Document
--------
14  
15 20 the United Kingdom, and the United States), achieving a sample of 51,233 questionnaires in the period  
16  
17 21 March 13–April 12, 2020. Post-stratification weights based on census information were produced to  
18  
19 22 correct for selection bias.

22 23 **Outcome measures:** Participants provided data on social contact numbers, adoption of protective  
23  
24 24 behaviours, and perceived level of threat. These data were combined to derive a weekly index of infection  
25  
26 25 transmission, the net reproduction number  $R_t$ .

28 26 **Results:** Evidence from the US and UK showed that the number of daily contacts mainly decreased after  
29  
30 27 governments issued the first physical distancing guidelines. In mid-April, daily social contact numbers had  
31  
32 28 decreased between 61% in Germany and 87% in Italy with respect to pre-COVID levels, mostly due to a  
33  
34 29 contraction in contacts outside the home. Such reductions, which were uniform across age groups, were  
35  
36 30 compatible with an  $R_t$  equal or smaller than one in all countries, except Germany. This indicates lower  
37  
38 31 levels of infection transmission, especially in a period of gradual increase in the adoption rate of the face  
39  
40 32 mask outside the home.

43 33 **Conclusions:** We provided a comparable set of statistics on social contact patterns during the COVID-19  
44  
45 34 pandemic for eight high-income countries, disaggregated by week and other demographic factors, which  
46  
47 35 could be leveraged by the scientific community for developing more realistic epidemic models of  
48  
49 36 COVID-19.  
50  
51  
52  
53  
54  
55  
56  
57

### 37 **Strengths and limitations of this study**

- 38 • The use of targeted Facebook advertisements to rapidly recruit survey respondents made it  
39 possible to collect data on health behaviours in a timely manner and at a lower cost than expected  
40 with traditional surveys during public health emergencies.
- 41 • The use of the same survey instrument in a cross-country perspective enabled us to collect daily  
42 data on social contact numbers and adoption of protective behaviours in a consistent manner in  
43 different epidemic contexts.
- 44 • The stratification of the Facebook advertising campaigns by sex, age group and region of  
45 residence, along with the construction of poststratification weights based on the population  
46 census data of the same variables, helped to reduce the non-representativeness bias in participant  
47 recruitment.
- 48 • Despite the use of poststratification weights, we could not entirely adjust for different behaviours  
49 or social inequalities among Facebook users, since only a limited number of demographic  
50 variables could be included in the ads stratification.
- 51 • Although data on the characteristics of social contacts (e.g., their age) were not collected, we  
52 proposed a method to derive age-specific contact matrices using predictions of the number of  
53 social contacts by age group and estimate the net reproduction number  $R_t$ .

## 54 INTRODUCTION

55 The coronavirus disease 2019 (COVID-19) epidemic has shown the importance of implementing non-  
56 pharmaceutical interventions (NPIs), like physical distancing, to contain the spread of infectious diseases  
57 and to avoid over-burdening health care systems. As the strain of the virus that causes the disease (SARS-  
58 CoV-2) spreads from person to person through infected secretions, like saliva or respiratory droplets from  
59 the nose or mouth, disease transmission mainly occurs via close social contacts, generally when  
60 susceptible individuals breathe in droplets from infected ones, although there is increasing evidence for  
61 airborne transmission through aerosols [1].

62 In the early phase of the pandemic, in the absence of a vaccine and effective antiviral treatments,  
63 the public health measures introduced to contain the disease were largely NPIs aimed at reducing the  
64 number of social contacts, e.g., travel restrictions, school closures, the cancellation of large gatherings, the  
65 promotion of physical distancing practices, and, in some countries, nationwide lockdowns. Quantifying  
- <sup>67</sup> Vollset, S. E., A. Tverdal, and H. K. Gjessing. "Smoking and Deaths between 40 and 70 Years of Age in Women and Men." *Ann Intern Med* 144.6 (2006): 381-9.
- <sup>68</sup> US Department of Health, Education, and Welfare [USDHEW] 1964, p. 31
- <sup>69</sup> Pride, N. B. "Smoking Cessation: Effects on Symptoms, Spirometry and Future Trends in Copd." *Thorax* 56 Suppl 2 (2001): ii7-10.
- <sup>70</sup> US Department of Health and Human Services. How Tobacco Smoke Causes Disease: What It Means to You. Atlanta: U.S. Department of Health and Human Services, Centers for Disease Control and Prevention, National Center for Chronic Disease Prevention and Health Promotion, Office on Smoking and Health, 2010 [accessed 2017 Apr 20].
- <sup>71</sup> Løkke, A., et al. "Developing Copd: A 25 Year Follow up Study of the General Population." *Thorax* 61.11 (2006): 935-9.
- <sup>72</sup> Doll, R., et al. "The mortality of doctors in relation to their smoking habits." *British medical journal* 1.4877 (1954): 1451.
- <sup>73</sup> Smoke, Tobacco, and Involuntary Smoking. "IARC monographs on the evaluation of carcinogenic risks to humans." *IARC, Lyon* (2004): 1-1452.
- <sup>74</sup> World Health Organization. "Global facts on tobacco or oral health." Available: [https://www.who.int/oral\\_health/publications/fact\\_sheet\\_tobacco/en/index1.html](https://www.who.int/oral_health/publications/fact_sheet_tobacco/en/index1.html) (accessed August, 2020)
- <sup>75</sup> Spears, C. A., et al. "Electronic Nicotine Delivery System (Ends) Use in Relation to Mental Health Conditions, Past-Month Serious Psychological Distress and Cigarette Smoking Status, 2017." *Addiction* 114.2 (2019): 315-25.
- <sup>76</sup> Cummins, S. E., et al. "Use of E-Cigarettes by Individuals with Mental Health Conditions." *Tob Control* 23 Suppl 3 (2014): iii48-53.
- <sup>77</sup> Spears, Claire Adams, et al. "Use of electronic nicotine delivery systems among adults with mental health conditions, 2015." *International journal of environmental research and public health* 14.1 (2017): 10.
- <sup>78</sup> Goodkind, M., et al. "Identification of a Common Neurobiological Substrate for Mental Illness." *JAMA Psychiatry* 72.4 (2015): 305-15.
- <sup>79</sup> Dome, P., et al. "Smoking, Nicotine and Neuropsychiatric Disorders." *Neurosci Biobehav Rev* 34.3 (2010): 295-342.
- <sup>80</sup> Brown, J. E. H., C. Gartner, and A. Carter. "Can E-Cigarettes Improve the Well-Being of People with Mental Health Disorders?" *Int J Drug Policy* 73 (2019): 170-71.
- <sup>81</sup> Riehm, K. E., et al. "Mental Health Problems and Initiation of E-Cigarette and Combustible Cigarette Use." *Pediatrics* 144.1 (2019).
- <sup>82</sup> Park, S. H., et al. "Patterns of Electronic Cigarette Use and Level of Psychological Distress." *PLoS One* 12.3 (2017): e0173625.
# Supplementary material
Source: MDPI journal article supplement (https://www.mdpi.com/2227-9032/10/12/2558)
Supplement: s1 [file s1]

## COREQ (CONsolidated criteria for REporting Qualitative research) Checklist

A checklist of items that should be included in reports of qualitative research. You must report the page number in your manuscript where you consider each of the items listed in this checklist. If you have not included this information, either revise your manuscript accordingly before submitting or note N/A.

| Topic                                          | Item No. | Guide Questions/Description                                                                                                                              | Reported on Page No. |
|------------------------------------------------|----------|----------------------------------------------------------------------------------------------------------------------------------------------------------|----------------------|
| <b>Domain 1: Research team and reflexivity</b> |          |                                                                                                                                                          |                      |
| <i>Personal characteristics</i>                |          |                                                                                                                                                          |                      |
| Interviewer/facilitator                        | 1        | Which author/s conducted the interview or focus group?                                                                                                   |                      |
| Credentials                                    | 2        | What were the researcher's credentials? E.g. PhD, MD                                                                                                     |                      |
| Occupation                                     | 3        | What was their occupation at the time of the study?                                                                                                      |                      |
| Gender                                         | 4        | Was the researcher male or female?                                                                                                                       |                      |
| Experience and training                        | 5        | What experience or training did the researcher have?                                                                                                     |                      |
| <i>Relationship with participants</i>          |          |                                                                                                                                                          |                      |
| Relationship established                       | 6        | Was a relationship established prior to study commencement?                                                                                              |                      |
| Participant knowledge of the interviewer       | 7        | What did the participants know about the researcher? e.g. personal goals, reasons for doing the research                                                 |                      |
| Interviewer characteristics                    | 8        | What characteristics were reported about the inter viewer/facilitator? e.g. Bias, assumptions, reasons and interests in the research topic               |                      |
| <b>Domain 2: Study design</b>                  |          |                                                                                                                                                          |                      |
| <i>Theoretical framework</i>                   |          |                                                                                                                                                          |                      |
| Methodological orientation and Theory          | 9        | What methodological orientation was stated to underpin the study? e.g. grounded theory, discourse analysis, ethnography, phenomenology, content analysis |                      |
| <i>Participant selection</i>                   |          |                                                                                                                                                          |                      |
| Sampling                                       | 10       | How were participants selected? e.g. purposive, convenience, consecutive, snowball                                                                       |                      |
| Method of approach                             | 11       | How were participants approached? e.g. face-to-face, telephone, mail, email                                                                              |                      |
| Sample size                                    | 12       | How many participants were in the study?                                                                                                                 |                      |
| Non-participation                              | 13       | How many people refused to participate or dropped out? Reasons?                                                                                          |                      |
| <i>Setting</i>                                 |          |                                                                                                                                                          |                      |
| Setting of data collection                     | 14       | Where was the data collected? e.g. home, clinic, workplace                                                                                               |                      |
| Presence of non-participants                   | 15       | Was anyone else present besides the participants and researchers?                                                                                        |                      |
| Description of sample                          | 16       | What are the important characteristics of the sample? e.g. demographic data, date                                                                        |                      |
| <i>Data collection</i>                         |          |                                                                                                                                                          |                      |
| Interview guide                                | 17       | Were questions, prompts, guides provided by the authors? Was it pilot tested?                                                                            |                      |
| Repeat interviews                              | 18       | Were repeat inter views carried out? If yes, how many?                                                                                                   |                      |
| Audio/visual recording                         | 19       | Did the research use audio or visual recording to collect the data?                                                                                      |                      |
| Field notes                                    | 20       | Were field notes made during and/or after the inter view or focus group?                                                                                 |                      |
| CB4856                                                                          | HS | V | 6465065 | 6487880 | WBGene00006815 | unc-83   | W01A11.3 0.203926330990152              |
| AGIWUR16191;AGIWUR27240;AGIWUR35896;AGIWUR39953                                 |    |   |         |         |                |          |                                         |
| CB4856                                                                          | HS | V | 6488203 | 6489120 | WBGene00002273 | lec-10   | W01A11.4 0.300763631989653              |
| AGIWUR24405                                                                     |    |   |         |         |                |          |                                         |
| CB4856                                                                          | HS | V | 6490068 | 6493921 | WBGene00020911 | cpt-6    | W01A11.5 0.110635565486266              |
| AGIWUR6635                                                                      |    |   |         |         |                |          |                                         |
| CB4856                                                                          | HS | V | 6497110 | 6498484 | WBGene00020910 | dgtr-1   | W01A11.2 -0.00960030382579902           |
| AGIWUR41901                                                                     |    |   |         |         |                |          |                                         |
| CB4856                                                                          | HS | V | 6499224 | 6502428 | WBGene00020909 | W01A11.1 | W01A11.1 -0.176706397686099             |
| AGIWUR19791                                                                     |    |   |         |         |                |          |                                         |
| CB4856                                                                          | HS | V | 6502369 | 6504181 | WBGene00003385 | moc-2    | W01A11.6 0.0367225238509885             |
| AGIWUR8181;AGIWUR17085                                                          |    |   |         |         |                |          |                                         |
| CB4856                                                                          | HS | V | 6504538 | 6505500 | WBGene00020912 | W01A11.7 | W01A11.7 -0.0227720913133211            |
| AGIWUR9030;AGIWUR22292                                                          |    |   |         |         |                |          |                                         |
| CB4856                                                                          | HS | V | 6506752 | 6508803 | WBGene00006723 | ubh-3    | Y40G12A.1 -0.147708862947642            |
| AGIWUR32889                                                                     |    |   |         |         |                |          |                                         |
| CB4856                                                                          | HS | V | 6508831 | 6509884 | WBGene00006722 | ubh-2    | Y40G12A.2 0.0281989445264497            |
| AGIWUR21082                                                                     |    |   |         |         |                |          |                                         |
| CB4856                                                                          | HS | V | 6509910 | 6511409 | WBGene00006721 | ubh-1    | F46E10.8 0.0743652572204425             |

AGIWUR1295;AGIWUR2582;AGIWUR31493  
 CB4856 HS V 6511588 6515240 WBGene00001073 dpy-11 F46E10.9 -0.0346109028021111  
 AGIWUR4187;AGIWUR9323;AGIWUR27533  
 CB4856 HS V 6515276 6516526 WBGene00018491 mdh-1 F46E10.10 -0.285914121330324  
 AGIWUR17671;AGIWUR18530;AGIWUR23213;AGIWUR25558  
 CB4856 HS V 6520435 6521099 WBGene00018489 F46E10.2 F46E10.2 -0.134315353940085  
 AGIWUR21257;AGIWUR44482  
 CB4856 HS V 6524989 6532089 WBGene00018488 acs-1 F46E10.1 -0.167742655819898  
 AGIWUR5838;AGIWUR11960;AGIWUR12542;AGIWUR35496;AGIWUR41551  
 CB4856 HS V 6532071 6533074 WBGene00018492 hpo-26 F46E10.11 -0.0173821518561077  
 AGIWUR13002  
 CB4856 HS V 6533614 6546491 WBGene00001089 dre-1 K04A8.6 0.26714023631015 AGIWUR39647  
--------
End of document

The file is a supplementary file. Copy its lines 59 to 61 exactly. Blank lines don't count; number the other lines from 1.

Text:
56 pharmaceutical interventions (NPIs), like physical distancing, to contain the spread of infectious diseases  
57 and to avoid over-burdening health care systems. As the strain of the virus that causes the disease (SARS-  
58 CoV-2) spreads from person to person through infected secretions, like saliva or respiratory droplets from  